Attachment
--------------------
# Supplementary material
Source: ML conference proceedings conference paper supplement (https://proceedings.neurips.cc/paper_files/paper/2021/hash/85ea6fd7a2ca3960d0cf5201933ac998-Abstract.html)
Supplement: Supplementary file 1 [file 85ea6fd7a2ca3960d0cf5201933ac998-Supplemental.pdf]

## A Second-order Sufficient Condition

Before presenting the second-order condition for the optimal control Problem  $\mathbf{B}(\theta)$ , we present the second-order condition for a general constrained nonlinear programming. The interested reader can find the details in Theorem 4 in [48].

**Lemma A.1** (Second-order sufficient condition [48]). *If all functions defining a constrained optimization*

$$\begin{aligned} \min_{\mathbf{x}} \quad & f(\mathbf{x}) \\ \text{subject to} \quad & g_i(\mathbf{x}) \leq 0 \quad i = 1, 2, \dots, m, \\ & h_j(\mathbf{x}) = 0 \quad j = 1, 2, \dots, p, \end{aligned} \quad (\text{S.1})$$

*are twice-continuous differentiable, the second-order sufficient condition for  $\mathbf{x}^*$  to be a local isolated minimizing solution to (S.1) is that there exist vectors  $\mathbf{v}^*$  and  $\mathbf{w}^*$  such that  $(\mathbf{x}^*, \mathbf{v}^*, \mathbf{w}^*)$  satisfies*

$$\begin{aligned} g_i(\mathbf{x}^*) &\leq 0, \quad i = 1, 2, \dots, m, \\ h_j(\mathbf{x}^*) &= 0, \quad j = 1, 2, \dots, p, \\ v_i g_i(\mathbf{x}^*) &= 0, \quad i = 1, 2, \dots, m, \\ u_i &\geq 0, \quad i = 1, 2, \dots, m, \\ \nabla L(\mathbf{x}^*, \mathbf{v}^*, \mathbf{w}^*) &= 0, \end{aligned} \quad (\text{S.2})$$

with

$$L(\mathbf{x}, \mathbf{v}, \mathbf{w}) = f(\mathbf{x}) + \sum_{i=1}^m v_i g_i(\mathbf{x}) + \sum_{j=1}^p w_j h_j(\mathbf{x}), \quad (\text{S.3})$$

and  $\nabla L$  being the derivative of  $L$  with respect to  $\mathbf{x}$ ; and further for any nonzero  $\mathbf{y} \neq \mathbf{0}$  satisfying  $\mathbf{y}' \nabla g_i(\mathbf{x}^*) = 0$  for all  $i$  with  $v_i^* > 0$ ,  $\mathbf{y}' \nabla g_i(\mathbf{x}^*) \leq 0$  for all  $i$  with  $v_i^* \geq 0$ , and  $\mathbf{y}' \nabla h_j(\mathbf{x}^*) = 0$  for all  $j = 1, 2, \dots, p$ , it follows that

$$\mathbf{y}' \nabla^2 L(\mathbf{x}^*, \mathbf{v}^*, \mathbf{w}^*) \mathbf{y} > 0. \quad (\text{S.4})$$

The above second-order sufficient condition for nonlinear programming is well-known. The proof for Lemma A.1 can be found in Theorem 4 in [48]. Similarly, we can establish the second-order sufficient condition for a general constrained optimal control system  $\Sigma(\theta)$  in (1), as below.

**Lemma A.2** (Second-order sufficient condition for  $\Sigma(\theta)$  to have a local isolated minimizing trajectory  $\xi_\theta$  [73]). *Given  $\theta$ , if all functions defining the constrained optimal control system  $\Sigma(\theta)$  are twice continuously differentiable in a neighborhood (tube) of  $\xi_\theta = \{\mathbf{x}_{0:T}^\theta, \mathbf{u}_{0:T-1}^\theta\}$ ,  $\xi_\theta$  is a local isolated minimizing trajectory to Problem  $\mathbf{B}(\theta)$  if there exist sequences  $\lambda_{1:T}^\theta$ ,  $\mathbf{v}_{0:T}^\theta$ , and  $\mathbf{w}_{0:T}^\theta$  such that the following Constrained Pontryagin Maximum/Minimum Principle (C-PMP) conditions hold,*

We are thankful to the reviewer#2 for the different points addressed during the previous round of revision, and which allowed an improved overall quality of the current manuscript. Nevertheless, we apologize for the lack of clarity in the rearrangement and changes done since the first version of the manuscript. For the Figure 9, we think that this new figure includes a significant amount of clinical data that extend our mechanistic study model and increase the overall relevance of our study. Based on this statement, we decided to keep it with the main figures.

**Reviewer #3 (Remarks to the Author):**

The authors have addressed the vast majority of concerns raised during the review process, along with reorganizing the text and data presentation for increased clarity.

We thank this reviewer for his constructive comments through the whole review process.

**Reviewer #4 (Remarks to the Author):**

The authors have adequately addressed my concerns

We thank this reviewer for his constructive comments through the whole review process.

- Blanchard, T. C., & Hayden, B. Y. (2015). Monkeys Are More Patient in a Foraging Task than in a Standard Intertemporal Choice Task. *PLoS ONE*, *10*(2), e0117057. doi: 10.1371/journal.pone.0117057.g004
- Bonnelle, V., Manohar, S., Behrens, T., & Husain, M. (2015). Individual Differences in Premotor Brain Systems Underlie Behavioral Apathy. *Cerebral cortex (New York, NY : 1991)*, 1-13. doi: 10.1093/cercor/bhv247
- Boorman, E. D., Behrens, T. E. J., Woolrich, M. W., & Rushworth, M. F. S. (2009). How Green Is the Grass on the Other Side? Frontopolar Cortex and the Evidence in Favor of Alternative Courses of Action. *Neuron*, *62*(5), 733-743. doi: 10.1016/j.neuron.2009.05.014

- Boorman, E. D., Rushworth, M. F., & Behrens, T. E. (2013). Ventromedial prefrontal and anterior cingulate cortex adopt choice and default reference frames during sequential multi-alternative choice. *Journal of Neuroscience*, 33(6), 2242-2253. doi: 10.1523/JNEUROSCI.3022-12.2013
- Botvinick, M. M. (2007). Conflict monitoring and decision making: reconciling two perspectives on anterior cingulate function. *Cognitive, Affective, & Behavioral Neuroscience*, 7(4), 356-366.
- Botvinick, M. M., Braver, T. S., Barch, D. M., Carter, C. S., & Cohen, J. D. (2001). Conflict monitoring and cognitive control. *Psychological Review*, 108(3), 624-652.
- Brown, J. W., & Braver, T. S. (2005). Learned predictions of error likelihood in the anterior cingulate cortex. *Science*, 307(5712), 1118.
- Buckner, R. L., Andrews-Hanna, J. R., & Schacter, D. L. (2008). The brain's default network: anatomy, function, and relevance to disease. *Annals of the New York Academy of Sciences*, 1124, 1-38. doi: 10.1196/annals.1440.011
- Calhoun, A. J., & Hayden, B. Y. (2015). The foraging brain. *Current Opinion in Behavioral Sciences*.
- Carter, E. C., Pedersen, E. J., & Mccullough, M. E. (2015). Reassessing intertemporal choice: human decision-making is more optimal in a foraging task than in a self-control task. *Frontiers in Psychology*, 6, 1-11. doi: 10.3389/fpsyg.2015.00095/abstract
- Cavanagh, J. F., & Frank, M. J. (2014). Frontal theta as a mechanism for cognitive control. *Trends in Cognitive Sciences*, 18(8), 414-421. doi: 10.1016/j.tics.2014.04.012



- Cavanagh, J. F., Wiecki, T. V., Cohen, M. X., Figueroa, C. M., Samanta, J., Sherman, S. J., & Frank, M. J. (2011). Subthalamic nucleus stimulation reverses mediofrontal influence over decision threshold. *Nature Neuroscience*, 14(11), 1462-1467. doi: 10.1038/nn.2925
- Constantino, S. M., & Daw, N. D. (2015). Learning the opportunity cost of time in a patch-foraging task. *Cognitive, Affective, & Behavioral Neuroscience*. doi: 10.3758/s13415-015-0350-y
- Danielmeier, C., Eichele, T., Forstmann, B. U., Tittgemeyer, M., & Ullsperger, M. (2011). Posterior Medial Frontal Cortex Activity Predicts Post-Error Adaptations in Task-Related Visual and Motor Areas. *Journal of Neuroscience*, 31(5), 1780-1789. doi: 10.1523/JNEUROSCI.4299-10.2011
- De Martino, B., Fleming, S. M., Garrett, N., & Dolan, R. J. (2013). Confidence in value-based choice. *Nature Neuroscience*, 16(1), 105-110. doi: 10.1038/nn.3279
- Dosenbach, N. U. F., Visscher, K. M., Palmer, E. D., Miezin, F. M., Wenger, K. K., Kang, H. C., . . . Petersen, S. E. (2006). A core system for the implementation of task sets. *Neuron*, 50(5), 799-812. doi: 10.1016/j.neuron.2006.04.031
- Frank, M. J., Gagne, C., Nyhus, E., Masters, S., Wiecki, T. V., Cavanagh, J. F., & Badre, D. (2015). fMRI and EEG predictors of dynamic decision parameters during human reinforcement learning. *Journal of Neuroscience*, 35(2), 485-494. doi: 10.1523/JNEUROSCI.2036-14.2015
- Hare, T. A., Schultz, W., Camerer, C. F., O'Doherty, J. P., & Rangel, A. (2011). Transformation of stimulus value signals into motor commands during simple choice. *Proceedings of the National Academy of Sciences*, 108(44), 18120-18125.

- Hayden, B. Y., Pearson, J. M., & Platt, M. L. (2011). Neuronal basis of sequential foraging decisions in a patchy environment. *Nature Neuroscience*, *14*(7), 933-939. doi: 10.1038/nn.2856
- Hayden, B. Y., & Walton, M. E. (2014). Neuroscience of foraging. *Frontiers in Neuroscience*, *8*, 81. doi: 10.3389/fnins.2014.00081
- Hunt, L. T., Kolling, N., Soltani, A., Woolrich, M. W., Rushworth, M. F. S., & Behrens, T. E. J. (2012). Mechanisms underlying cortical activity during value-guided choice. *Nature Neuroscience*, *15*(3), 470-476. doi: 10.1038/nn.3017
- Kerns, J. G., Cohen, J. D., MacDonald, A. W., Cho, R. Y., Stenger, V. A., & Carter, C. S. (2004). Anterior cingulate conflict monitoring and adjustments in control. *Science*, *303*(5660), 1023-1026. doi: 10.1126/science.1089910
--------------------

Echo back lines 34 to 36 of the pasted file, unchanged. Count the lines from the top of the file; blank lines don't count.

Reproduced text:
- Cavanagh, J. F., Wiecki, T. V., Cohen, M. X., Figueroa, C. M., Samanta, J., Sherman, S. J., & Frank, M. J. (2011). Subthalamic nucleus stimulation reverses mediofrontal influence over decision threshold. *Nature Neuroscience*, 14(11), 1462-1467. doi: 10.1038/nn.2925
- Constantino, S. M., & Daw, N. D. (2015). Learning the opportunity cost of time in a patch-foraging task. *Cognitive, Affective, & Behavioral Neuroscience*. doi: 10.3758/s13415-015-0350-y
- Danielmeier, C., Eichele, T., Forstmann, B. U., Tittgemeyer, M., & Ullsperger, M. (2011). Posterior Medial Frontal Cortex Activity Predicts Post-Error Adaptations in Task-Related Visual and Motor Areas. *Journal of Neuroscience*, 31(5), 1780-1789. doi: 10.1523/JNEUROSCI.4299-10.2011